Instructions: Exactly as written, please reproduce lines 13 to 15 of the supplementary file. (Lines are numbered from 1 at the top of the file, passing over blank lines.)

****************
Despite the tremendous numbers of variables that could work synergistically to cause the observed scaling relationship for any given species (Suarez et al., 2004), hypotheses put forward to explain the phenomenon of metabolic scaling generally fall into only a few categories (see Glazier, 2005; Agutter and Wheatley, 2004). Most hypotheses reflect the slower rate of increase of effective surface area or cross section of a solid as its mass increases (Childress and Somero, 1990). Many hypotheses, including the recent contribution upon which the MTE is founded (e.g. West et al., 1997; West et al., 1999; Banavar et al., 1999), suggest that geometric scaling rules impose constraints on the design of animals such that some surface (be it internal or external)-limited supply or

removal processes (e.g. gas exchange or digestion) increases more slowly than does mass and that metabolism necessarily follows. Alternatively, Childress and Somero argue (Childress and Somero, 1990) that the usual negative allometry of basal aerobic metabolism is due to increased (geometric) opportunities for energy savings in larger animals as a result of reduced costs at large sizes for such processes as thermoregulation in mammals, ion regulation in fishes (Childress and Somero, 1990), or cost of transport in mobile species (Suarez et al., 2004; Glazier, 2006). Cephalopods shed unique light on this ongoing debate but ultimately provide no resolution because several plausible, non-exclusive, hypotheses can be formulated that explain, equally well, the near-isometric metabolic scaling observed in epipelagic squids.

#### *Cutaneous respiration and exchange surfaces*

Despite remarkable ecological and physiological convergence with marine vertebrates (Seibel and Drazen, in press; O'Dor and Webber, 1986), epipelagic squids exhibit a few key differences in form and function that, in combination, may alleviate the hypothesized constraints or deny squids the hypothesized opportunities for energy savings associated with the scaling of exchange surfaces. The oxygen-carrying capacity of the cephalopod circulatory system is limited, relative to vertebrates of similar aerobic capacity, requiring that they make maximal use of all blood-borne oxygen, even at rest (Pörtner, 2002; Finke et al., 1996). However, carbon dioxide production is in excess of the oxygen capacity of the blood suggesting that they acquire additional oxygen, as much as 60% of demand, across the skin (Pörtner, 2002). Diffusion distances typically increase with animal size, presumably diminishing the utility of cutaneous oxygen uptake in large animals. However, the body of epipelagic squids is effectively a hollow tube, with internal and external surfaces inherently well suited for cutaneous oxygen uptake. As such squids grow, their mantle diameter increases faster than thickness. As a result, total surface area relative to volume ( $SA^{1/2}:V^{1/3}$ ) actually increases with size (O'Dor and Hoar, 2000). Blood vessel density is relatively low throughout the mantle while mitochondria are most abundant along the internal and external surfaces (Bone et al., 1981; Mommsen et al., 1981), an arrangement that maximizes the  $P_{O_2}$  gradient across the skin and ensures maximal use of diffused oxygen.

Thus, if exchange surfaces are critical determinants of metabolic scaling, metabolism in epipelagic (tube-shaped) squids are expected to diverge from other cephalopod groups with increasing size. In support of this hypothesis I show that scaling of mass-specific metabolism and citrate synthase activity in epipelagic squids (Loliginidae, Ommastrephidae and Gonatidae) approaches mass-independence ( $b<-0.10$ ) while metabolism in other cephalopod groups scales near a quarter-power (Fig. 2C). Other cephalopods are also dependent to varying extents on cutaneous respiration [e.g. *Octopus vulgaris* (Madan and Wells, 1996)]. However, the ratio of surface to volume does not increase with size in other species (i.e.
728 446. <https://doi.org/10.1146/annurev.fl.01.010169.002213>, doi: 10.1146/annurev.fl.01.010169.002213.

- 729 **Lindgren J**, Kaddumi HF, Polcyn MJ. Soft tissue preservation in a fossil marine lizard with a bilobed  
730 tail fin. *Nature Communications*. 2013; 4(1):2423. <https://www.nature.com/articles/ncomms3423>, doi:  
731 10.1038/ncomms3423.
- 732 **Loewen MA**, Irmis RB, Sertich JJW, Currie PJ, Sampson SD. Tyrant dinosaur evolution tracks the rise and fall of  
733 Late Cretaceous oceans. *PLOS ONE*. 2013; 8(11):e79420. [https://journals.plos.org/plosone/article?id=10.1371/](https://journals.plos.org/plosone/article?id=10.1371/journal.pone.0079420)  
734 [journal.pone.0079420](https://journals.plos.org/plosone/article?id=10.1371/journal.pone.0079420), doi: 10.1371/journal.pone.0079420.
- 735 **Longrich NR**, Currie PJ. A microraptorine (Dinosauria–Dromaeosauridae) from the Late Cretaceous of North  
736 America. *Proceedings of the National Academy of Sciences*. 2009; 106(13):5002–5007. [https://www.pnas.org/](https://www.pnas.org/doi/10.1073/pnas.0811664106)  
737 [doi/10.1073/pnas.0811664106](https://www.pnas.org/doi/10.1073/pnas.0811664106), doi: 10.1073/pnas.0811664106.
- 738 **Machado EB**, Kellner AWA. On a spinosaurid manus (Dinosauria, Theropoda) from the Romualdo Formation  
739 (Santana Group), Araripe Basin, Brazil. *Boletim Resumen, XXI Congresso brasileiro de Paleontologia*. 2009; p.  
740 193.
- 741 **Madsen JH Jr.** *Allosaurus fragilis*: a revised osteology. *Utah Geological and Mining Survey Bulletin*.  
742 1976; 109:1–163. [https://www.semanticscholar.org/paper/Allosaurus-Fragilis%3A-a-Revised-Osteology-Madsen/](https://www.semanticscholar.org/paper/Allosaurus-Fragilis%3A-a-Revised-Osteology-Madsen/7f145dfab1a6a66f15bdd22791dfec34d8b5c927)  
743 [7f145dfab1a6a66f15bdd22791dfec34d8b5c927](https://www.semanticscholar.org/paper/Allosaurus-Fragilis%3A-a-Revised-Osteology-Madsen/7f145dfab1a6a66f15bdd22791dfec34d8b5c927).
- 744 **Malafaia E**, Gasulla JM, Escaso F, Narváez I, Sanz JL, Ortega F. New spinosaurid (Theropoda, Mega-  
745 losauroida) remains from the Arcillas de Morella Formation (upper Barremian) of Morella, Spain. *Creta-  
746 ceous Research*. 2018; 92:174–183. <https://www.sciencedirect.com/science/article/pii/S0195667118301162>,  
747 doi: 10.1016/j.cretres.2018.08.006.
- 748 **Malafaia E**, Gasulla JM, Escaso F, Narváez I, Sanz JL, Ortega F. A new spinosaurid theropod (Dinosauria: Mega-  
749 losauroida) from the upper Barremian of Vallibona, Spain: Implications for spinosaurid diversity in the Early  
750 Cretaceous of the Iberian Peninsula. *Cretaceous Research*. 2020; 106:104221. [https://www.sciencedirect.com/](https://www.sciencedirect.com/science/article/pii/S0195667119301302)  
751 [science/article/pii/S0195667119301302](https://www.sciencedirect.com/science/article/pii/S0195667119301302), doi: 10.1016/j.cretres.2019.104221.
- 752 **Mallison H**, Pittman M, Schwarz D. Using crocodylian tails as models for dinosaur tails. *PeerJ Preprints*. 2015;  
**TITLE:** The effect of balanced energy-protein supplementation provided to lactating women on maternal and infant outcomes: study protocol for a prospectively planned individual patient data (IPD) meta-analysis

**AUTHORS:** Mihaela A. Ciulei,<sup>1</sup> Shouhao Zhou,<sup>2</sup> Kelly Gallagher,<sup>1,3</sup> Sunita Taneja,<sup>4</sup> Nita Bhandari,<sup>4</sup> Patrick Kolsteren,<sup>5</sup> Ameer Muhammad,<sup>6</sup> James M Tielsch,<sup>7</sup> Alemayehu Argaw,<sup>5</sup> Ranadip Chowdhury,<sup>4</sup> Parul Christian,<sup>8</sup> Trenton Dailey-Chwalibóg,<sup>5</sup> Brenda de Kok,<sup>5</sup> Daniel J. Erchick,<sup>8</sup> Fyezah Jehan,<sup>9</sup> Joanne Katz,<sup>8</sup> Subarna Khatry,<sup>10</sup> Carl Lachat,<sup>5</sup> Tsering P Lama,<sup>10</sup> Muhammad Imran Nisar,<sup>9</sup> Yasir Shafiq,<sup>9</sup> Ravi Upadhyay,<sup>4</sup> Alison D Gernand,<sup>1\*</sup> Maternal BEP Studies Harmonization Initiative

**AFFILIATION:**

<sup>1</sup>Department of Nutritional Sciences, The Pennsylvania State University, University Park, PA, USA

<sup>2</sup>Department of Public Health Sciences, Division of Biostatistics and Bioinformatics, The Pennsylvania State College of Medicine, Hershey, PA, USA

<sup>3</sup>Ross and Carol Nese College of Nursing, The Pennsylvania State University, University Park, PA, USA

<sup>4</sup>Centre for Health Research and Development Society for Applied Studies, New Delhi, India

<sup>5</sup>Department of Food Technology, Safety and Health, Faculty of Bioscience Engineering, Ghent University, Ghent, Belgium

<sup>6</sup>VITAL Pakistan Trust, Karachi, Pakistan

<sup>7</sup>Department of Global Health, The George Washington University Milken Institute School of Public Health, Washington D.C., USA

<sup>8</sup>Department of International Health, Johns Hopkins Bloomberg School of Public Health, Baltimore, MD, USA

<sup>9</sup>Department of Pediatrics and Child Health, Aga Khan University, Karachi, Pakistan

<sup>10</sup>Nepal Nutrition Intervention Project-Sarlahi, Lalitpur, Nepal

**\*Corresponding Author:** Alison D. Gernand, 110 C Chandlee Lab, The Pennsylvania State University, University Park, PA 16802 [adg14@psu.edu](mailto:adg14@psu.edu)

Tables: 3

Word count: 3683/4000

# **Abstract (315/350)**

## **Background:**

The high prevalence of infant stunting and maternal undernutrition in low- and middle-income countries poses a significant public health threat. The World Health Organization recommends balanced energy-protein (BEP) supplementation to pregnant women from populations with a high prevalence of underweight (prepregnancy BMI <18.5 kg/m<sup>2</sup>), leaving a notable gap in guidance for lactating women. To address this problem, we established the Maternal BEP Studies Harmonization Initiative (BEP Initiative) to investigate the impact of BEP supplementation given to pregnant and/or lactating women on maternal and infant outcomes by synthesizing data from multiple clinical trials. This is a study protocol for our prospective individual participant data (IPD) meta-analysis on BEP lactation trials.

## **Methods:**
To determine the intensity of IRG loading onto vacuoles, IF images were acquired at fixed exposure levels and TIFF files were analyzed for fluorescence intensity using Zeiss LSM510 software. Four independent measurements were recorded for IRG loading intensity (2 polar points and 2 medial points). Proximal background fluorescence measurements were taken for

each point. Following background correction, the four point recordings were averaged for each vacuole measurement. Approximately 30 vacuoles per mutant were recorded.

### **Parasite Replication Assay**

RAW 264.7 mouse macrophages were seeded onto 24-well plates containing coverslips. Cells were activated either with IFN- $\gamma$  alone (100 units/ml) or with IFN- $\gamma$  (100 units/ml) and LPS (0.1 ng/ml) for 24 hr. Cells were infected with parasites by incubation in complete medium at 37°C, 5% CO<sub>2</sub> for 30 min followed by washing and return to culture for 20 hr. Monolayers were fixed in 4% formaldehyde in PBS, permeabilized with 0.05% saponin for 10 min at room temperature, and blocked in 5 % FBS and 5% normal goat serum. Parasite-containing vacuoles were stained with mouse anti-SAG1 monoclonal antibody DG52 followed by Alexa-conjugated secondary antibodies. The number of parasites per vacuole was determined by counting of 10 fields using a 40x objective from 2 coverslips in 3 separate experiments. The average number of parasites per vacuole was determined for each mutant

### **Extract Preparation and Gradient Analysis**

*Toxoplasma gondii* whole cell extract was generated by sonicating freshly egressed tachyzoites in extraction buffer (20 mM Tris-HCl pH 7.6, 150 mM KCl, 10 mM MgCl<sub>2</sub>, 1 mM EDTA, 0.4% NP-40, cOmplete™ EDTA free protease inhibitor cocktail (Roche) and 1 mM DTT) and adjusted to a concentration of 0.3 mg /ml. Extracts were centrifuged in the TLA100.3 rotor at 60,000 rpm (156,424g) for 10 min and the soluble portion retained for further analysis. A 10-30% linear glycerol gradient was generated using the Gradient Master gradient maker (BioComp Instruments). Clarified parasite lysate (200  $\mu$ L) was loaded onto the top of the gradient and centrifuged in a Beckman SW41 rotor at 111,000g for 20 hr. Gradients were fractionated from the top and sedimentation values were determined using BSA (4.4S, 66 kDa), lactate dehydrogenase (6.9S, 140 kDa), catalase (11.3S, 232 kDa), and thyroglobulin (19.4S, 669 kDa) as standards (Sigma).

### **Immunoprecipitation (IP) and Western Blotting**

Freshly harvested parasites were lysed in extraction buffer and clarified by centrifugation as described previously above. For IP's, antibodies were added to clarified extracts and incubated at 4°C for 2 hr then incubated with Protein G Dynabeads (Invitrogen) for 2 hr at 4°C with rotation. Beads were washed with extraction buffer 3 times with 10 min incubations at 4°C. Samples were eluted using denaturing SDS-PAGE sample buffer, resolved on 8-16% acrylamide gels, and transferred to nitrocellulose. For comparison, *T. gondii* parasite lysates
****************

- 735 **Longrich NR**, Currie PJ. A microraptorine (Dinosauria–Dromaeosauridae) from the Late Cretaceous of North  
736 America. *Proceedings of the National Academy of Sciences*. 2009; 106(13):5002–5007. [https://www.pnas.org/](https://www.pnas.org/doi/10.1073/pnas.0811664106)  
737 [doi/10.1073/pnas.0811664106](https://www.pnas.org/doi/10.1073/pnas.0811664106), doi: 10.1073/pnas.0811664106.